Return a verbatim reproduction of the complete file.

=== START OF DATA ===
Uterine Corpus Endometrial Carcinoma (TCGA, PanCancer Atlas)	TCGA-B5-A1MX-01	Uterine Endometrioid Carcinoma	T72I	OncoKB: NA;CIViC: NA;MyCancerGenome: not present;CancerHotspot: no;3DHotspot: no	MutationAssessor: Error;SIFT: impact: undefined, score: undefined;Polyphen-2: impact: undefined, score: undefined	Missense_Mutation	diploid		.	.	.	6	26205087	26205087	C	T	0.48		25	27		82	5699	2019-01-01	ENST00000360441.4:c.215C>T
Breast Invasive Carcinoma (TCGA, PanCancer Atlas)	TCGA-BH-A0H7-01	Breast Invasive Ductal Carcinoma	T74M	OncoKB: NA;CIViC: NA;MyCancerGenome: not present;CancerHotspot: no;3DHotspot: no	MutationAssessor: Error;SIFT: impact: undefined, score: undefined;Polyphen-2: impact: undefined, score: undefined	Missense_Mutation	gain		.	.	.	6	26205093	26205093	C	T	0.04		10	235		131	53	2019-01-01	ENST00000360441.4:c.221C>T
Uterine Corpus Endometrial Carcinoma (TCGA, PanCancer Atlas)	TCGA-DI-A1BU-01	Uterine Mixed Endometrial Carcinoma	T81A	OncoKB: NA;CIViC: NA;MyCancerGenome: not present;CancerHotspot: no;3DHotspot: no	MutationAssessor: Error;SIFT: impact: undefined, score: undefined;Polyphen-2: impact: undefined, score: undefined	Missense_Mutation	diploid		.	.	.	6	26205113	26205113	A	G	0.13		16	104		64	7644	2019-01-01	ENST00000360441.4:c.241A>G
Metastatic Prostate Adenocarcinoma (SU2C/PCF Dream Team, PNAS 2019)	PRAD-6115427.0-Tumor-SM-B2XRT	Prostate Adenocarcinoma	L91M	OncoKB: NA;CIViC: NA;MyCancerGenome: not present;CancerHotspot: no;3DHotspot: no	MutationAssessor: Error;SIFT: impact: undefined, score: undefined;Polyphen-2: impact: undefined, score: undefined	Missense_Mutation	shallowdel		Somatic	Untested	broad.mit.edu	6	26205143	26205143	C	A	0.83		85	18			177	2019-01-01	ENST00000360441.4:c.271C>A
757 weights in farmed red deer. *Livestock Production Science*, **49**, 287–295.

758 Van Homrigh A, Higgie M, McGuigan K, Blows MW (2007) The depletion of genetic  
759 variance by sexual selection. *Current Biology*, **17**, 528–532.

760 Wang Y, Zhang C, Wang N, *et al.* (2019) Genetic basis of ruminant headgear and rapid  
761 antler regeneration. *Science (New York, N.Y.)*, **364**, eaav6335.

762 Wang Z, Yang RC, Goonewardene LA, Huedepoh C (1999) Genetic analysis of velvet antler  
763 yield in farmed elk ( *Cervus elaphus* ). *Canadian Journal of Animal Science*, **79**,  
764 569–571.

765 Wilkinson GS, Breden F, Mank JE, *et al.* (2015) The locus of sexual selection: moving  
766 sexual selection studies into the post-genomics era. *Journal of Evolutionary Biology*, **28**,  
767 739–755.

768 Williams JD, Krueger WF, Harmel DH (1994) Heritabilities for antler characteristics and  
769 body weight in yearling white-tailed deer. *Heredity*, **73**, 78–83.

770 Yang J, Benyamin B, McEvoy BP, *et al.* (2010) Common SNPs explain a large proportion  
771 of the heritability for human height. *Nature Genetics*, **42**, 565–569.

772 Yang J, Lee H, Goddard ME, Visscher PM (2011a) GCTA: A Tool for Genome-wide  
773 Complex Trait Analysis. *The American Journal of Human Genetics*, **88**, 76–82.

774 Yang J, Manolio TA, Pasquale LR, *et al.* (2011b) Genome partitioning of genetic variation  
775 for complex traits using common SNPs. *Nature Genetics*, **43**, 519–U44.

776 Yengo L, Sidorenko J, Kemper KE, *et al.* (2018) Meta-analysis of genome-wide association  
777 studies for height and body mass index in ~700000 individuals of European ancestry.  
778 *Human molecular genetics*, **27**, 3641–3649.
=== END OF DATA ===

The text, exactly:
Uterine Corpus Endometrial Carcinoma (TCGA, PanCancer Atlas)	TCGA-B5-A1MX-01	Uterine Endometrioid Carcinoma	T72I	OncoKB: NA;CIViC: NA;MyCancerGenome: not present;CancerHotspot: no;3DHotspot: no	MutationAssessor: Error;SIFT: impact: undefined, score: undefined;Polyphen-2: impact: undefined, score: undefined	Missense_Mutation	diploid		.	.	.	6	26205087	26205087	C	T	0.48		25	27		82	5699	2019-01-01	ENST00000360441.4:c.215C>T
Breast Invasive Carcinoma (TCGA, PanCancer Atlas)	TCGA-BH-A0H7-01	Breast Invasive Ductal Carcinoma	T74M	OncoKB: NA;CIViC: NA;MyCancerGenome: not present;CancerHotspot: no;3DHotspot: no	MutationAssessor: Error;SIFT: impact: undefined, score: undefined;Polyphen-2: impact: undefined, score: undefined	Missense_Mutation	gain		.	.	.	6	26205093	26205093	C	T	0.04		10	235		131	53	2019-01-01	ENST00000360441.4:c.221C>T
Uterine Corpus Endometrial Carcinoma (TCGA, PanCancer Atlas)	TCGA-DI-A1BU-01	Uterine Mixed Endometrial Carcinoma	T81A	OncoKB: NA;CIViC: NA;MyCancerGenome: not present;CancerHotspot: no;3DHotspot: no	MutationAssessor: Error;SIFT: impact: undefined, score: undefined;Polyphen-2: impact: undefined, score: undefined	Missense_Mutation	diploid		.	.	.	6	26205113	26205113	A	G	0.13		16	104		64	7644	2019-01-01	ENST00000360441.4:c.241A>G
Metastatic Prostate Adenocarcinoma (SU2C/PCF Dream Team, PNAS 2019)	PRAD-6115427.0-Tumor-SM-B2XRT	Prostate Adenocarcinoma	L91M	OncoKB: NA;CIViC: NA;MyCancerGenome: not present;CancerHotspot: no;3DHotspot: no	MutationAssessor: Error;SIFT: impact: undefined, score: undefined;Polyphen-2: impact: undefined, score: undefined	Missense_Mutation	shallowdel		Somatic	Untested	broad.mit.edu	6	26205143	26205143	C	A	0.83		85	18			177	2019-01-01	ENST00000360441.4:c.271C>A
757 weights in farmed red deer. *Livestock Production Science*, **49**, 287–295.

758 Van Homrigh A, Higgie M, McGuigan K, Blows MW (2007) The depletion of genetic  
759 variance by sexual selection. *Current Biology*, **17**, 528–532.

760 Wang Y, Zhang C, Wang N, *et al.* (2019) Genetic basis of ruminant headgear and rapid  
761 antler regeneration. *Science (New York, N.Y.)*, **364**, eaav6335.

762 Wang Z, Yang RC, Goonewardene LA, Huedepoh C (1999) Genetic analysis of velvet antler  
763 yield in farmed elk ( *Cervus elaphus* ). *Canadian Journal of Animal Science*, **79**,  
764 569–571.

765 Wilkinson GS, Breden F, Mank JE, *et al.* (2015) The locus of sexual selection: moving  
766 sexual selection studies into the post-genomics era. *Journal of Evolutionary Biology*, **28**,  
767 739–755.

768 Williams JD, Krueger WF, Harmel DH (1994) Heritabilities for antler characteristics and  
769 body weight in yearling white-tailed deer. *Heredity*, **73**, 78–83.

770 Yang J, Benyamin B, McEvoy BP, *et al.* (2010) Common SNPs explain a large proportion  
771 of the heritability for human height. *Nature Genetics*, **42**, 565–569.

772 Yang J, Lee H, Goddard ME, Visscher PM (2011a) GCTA: A Tool for Genome-wide  
773 Complex Trait Analysis. *The American Journal of Human Genetics*, **88**, 76–82.

774 Yang J, Manolio TA, Pasquale LR, *et al.* (2011b) Genome partitioning of genetic variation  
775 for complex traits using common SNPs. *Nature Genetics*, **43**, 519–U44.

776 Yengo L, Sidorenko J, Kemper KE, *et al.* (2018) Meta-analysis of genome-wide association  
777 studies for height and body mass index in ~700000 individuals of European ancestry.  
778 *Human molecular genetics*, **27**, 3641–3649.